- Act Now
- Open Internet
- Promoting Creativity
- Open & Accessible Technology
There is no copyright justification for taking down the video. The copyright in the video itself belongs to the spectator who took it, not NASCAR, the Daytona Speedway, YouTube, or anyone else. In fact, NASCAR's justification for the initial takedown was on the grounds of respect for the victims:
The fan video of the wreck on the final lap of today’s NASCAR Nationwide Series race was blocked on YouTube out of respect for those injured in today’s accident. Information on the status of those fans was unclear and the decision was made to err on the side of caution with this very serious incident.—Steve Phelps, NASCAR Senior Vice President and Chief Marketing OfficerWe can discuss the ethics of posting a video of a terrible accident later (and I fully intend to; see below), but it's clear that this is not a copyright question. Hence the statement from YouTube when the video was restored after tech, sports, and mainstream press all picked up on the takedown:
“Our partners and users do not have the right to take down videos from YouTube unless they contain content which is copyright infringing, which is why we have reinstated the videos.”Some people are being cynical about why NASCAR would take the video down; some say it's overzealous brand enforcement, or an attempt to monopolize the market for even short clips of their races. Others say it's an attempt to cover up the full effects of the accident, to evade responsibility or liability.
Other videos of other races have remained up, though, so it seems likely that either NASCAR's official reason (respect for victims and their families) or the most cynical reason (covering up liability) are the true reason.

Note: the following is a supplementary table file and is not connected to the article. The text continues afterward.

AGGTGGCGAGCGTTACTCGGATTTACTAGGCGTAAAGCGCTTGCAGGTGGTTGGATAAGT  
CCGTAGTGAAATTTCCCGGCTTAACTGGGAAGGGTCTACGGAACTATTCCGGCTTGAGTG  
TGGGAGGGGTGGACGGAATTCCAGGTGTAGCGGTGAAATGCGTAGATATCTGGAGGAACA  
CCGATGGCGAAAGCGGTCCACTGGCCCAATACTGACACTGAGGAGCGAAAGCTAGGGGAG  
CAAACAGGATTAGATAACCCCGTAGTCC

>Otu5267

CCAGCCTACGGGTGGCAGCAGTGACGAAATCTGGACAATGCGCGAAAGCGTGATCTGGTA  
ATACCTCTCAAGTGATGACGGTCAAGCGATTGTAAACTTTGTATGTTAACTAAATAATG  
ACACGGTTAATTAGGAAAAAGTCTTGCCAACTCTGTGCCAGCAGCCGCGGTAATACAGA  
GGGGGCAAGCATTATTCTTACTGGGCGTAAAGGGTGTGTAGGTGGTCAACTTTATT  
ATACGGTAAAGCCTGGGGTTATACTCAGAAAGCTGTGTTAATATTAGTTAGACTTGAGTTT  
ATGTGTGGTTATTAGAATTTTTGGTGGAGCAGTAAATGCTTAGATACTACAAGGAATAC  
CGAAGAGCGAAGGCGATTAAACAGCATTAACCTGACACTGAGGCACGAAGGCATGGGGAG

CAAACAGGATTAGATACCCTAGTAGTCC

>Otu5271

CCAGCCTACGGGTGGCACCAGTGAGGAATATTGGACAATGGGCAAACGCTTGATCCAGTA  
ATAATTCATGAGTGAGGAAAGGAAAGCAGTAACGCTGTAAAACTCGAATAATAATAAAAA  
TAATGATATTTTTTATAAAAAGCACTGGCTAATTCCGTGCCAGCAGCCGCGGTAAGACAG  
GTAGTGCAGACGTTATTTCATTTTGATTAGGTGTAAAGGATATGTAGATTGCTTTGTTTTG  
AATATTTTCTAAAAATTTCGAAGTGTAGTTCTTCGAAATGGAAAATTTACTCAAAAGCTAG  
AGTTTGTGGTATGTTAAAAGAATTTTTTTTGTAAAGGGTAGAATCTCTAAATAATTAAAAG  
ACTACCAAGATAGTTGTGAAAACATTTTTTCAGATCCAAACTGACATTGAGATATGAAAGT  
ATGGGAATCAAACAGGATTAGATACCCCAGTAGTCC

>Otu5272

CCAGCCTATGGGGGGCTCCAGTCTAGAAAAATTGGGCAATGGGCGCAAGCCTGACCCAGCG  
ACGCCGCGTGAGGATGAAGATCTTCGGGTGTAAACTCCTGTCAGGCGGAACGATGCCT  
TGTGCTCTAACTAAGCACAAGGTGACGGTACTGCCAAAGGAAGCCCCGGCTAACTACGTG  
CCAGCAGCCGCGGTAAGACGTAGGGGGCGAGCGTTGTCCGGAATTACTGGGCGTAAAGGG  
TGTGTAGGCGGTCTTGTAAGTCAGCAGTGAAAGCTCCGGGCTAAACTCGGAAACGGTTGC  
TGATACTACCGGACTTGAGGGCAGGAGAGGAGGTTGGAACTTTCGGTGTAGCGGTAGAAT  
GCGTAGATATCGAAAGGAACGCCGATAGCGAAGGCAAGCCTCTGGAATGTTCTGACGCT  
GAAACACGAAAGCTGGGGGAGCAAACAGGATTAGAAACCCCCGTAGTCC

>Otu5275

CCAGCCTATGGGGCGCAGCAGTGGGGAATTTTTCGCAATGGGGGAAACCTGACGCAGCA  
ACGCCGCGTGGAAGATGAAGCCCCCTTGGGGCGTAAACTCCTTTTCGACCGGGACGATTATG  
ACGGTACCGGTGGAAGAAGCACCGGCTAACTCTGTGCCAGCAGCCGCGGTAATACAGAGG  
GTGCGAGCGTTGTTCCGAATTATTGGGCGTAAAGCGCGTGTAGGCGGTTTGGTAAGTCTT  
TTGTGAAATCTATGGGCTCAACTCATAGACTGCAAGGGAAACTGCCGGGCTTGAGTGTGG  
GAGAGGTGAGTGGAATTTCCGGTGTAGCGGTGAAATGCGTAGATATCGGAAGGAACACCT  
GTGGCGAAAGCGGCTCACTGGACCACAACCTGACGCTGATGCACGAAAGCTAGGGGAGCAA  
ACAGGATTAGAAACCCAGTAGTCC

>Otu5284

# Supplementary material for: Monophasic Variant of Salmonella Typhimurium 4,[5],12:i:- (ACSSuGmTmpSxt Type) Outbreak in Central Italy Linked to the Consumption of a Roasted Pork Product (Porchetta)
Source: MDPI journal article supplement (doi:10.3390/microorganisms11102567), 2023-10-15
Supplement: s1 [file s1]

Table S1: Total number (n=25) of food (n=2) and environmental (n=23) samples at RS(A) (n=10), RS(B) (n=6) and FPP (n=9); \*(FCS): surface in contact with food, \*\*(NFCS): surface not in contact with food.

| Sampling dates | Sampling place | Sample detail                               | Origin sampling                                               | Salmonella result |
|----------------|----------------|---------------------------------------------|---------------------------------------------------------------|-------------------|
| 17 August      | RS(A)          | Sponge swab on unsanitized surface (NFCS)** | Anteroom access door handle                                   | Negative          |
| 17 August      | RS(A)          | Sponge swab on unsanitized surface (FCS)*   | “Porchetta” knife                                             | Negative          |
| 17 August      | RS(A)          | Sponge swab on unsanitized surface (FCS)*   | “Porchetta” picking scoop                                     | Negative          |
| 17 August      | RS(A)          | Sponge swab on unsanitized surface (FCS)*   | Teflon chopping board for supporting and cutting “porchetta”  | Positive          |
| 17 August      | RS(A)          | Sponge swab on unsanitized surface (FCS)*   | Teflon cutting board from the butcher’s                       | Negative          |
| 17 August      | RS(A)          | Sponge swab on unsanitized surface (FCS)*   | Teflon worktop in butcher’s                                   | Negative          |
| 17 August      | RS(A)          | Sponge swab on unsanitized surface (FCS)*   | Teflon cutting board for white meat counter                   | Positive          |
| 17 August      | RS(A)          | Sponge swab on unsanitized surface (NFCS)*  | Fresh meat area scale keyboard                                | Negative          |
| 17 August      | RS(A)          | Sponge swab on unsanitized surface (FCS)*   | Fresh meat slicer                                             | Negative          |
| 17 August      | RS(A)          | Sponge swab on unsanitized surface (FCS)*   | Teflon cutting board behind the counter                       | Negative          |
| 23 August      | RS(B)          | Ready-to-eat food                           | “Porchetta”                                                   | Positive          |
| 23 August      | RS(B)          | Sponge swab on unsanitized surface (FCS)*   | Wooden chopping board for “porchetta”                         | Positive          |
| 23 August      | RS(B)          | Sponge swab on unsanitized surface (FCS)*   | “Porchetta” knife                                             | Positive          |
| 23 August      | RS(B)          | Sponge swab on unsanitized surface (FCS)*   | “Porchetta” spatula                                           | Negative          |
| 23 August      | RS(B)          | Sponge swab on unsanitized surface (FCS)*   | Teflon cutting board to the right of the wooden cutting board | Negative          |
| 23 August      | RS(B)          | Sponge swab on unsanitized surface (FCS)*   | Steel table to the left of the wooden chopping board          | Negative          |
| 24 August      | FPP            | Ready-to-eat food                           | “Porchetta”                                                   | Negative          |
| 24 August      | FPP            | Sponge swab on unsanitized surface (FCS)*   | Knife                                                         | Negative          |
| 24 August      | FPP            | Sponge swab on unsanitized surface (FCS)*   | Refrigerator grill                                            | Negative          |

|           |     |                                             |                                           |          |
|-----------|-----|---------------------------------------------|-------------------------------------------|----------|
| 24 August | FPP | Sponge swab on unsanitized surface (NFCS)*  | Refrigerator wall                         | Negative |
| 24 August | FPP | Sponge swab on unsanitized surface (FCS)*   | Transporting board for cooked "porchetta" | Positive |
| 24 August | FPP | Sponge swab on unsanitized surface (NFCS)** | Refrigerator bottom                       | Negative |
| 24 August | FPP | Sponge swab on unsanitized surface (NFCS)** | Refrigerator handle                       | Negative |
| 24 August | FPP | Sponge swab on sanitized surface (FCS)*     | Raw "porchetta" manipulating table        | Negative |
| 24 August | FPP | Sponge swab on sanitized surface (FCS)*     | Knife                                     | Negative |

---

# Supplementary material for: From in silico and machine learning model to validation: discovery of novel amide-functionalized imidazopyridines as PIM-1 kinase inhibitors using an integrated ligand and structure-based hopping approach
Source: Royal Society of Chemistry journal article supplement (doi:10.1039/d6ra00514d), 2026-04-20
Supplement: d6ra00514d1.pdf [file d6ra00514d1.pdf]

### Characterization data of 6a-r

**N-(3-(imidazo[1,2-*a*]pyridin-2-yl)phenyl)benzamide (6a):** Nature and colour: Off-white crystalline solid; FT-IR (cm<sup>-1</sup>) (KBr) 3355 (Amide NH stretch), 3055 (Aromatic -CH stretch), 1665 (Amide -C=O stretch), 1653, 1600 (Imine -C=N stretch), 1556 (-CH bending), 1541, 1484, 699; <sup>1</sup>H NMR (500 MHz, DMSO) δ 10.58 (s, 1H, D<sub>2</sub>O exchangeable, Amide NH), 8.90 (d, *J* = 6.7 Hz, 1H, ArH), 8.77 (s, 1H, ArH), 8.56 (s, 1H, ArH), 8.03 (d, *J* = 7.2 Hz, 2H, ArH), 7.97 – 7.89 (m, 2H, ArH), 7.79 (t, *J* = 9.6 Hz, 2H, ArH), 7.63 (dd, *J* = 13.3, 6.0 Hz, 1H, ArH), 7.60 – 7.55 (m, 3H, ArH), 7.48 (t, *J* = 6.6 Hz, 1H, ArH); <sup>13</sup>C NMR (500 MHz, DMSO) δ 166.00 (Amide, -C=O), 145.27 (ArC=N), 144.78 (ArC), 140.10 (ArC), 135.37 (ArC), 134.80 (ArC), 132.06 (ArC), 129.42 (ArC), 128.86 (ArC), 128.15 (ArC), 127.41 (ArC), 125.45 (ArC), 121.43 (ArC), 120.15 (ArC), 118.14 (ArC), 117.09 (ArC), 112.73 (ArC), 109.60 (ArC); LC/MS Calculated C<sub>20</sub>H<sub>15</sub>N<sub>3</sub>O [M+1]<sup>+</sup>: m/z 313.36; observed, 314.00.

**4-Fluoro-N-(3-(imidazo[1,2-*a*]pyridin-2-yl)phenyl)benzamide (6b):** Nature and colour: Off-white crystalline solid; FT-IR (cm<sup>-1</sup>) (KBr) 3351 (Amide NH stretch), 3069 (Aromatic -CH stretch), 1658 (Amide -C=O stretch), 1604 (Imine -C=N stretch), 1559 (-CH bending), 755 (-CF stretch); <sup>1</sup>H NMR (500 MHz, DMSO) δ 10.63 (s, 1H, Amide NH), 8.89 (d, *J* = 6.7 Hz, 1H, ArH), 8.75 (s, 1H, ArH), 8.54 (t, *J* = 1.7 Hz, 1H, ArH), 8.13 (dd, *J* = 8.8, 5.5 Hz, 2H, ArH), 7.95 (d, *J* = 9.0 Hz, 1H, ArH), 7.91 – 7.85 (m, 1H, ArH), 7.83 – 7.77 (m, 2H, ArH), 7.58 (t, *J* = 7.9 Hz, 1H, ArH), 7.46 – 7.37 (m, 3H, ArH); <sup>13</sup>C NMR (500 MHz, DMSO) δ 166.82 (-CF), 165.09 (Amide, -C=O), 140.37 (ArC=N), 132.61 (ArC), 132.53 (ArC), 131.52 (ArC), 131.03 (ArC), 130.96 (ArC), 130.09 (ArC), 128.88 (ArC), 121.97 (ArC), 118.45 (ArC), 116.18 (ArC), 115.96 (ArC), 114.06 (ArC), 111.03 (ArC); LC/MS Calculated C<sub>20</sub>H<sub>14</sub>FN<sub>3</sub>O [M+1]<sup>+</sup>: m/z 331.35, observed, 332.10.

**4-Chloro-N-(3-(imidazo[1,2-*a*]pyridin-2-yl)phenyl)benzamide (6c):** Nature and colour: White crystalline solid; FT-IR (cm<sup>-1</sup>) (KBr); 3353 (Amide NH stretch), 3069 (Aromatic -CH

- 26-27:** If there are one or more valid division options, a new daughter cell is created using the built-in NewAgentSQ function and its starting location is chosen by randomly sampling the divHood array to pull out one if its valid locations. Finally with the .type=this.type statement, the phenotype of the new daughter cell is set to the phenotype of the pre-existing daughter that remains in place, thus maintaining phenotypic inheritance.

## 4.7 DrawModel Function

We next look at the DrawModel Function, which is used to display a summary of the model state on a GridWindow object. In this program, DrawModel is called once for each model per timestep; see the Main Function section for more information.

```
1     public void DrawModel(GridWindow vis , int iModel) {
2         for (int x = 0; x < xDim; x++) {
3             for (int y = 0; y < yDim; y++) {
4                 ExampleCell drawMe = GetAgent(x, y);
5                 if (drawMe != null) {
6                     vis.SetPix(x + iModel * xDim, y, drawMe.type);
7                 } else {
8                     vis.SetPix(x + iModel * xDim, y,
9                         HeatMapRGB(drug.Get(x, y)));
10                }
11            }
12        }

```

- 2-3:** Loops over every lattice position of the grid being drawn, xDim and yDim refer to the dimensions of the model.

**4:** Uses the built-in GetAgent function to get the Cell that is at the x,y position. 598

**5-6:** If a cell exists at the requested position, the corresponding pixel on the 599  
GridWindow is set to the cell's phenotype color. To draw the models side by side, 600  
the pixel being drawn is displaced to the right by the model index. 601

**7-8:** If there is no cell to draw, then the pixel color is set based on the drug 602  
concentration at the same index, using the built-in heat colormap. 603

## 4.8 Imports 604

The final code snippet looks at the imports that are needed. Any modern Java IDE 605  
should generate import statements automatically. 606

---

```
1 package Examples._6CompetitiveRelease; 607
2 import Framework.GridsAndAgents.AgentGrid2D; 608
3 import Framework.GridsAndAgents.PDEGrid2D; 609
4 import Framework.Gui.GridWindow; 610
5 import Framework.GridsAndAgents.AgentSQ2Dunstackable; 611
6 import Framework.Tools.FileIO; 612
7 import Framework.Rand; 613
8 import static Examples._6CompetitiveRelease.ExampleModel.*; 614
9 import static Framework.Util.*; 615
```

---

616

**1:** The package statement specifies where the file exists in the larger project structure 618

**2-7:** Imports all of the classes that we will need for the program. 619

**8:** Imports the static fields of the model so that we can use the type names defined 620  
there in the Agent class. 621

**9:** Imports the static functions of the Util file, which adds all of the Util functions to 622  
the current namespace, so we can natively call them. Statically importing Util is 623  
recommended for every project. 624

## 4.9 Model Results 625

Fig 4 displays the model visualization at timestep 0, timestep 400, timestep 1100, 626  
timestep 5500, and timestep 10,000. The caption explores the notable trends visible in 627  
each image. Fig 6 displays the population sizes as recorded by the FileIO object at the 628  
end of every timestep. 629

So why would they send a copyright takedown notice to YouTube? Because that was the most likely thing that would get YouTube to take something down, and fast. That's likely true of any other big service provider. A copyright takedown notice will get a near-immediate response, whereas other reasons—even ones as good as the dignity of an injured person—have no formal process for them.
Why is that? After all, it's easy to sympathize with the impulse to take down graphic images of an accident (though as far as I could tell, the taken-down video did not seem particularly graphic, or to identifiably show any victims). Why should someone learn via a YouTube video, and not some other way, that a family member has been hurt? But how does this balance against the free speech rights of the videographer? He has personal liberties at stake, in addition to the public good of sharing newsworthy information with the world. One perspective on having a robust right to free speech is that it will require a thick skin.